Speak clearly to a deaf person

To speak clearly, separate words. This automatically makes them seem clearer because it emphasises the beginning and ends of the words. Speaking clearly is not the same as shouting, nor is it the same as speaking slowly. The page on clarity provides further information.

Speak fairly loudly but do not shout at a deaf person

Do make sure that your speech, and if possible that of others, is adequately loud, but do not shout. The technique is to project your voice. Shouting always comes across as aggressive, which makes deaf people feel that they are a nuisance. For more information, start with the page on sound level.

Speak fairly slowly to a deaf person

As the brain takes time to process what is said, it takes longer for a deaf peron who may only hear a few keywords. So speak fairly slowly or, rather, don't speak quickly. You don't want to appear patronising.

What to say and not to say if a deaf person doesn't hear you

If a deaf person still doesn't hear, move nearer or speak more loudly / clearly and either repeat what you said or smile and say, something like, "I was only really talking to myself". Don't say, "It doesn't matter". This common response is interpreted as "You don't matter enough for me to bother to try to make you understand".

Find out what word or words a deaf person hasn't grasped

Try to find out what it is in a spoken sentence that a deaf person can't pick up. It is often a simple keyword that is causing the trouble and the person may indicate which one. Either repeat just that word slowly and more loudly or find another way of expressing what you want to say. Don't repeat an entire sentence verbatim, as the deaf person probably still won't understand and it can seem to be trying to make the deaf person look stupid.

Clearly signal any change in the topic of conversation

Make sure that the deaf person knows the topic of the conversation and don't change it without making sure that that they know, but without being patronising. Deaf people pick up keywords to help them follow a conversation, and if the topic changes without them realising, they can be lost.

Try not to make joking asides

Although normal hearers may not realise it, joking asides always seem to be made in stage whispers. Everyone except the deaf person hears them; everyone laughs at the joke and the deaf person has no idea why. Can you imagine how this must feel? So don't make joking asides with deaf people present and encourage others not to.

Let deaf people decline certain social invitations

clipart family of children

Do not put pressure on a deaf person to attend a social gathering against their will on the mistaken assumption that they need to get out more or it will be all right when they are there. They know themselves better than you do, and not to be able to hear in a group is utterly demoralising. For an explanation, start with the page on social gatherings.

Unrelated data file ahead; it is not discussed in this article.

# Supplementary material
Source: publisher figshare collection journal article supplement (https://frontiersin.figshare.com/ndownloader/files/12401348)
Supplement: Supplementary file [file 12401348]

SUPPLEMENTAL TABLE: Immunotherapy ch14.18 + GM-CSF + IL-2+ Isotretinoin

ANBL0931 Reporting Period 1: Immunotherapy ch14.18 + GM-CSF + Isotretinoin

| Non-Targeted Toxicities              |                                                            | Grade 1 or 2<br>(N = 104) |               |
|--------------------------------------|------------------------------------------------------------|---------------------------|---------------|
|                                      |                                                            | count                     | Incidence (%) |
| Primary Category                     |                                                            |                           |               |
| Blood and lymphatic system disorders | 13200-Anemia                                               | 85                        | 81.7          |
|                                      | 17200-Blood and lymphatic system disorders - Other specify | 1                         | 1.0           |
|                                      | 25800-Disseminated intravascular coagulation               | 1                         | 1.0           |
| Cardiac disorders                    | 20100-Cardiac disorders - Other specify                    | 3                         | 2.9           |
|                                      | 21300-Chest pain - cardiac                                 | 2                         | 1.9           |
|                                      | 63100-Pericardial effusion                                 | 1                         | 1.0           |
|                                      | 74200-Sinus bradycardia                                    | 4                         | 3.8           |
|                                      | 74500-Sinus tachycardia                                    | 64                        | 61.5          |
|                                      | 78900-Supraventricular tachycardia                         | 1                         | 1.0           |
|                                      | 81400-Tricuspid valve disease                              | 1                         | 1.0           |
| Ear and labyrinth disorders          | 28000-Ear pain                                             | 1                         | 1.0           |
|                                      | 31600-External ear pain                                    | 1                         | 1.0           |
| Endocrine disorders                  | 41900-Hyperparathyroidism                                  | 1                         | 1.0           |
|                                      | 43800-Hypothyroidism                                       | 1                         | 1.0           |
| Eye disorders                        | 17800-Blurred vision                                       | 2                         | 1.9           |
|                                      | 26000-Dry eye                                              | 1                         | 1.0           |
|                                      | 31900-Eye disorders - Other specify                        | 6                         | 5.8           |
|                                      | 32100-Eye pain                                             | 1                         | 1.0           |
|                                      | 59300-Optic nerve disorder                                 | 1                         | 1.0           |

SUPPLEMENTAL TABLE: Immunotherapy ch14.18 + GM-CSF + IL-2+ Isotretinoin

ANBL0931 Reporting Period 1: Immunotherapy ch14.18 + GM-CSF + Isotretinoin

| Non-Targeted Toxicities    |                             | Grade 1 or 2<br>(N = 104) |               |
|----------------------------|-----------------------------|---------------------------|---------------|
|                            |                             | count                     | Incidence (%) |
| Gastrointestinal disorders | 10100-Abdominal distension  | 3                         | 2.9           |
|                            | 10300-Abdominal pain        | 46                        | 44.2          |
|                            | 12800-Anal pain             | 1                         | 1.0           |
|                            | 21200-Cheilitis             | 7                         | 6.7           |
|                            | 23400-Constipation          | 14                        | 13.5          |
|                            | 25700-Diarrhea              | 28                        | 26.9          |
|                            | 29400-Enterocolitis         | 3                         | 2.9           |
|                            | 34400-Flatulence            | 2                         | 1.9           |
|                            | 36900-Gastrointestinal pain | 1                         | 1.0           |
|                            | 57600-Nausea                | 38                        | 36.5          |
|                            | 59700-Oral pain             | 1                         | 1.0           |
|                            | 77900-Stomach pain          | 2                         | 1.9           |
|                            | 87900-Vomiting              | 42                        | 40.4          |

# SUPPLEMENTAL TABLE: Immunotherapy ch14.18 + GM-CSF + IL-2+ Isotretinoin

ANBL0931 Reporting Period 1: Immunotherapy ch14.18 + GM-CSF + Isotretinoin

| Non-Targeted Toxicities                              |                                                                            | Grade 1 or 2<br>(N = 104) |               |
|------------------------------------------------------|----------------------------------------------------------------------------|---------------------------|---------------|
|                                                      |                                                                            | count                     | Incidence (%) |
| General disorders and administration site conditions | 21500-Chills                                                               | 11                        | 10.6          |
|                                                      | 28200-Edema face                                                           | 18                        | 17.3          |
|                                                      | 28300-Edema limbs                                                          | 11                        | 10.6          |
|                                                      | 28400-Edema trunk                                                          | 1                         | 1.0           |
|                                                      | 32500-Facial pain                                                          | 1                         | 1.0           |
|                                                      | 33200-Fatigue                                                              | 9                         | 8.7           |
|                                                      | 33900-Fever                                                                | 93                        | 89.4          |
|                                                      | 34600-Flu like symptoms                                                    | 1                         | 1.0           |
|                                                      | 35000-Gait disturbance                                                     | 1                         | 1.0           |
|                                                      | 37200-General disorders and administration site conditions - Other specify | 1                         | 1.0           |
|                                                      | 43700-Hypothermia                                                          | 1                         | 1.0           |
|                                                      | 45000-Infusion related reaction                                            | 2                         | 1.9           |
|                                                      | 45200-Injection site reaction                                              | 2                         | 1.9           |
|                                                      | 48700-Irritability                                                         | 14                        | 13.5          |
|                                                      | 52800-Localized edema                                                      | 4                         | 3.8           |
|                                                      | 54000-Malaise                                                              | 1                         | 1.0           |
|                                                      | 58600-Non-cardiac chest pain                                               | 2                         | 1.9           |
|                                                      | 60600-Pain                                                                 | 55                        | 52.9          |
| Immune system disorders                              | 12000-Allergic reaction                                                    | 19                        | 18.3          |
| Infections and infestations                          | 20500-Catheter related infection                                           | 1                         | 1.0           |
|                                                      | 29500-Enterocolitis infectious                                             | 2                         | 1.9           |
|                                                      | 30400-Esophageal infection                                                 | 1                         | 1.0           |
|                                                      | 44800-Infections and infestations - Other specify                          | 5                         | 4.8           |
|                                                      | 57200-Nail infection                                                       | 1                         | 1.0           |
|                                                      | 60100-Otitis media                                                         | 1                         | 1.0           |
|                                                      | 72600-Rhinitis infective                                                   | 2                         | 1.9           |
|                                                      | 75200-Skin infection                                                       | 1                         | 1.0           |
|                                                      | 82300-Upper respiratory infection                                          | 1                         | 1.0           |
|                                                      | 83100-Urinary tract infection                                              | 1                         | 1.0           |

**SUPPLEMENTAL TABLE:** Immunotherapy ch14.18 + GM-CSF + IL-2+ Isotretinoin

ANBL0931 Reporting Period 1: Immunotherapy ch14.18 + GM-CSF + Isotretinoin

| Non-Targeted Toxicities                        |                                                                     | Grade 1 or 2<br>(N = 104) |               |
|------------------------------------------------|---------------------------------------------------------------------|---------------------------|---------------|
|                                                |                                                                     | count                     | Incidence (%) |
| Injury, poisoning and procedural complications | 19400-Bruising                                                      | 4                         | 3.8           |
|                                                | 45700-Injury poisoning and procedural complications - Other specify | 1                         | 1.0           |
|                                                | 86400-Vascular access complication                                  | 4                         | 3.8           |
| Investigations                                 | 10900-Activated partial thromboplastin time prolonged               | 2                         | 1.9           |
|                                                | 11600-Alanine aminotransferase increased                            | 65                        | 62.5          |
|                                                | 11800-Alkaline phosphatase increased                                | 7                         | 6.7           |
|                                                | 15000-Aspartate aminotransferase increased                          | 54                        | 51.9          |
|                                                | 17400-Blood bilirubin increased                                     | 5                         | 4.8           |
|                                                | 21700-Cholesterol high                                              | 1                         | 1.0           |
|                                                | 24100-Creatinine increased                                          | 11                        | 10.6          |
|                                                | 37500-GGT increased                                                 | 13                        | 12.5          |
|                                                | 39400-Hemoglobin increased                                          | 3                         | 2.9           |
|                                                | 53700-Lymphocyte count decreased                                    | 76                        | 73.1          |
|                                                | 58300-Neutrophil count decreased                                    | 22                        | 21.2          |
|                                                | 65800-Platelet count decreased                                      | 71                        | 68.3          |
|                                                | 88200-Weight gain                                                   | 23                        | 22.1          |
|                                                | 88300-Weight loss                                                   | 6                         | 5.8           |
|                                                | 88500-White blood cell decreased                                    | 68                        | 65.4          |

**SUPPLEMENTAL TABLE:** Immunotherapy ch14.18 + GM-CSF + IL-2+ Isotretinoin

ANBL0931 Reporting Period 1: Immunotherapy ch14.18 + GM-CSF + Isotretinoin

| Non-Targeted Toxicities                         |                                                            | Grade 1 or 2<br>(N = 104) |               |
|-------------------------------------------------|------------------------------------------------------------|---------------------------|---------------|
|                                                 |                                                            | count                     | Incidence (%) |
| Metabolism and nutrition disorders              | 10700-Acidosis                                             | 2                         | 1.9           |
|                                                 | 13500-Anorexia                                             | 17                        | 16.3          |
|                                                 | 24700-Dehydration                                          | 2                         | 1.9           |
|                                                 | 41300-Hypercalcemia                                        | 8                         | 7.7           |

Encourage deaf people to accept certain social invitations

There are certain social gatherings that the deaf person knows will be difficult but really wants to attend, like for example the wedding of a family member. It is worth locating a quiet room where the deaf person can retire to at intervals if they wish. This probably involves some negotiation in advance, both with the deaf person and the manager of the venue.

If you really think that the deaf person will be able to cope in a social situation, explain in advance why you think it will be all right. A very strong reason is that if the gathering is out-of-doors there is effectively no background noise because there are no walls to reflect the sound back. Also the deaf person can move around to reposition themselves as necessary. Point out that you will do everything you can to support them - by reminding others of their needs where appropriate and giving them an entry into groups with whom they are likely to be able to interact. For more information, start with the page on social gatherings.

Find a deaf person a good seating position in a group

It may be that a deaf person has never thought about optimum seating positions in, for example, a restaurant situation. So it should help if you talk to them about it first and then act for them if necessary. I find background noise and other people's conversations almost unbearable when they are behind me. So I prefer to sit on the edge of a gathering and with my back to an open door or archway that won't be occupied. In some circumstances it is worth having a word with a manager in advance.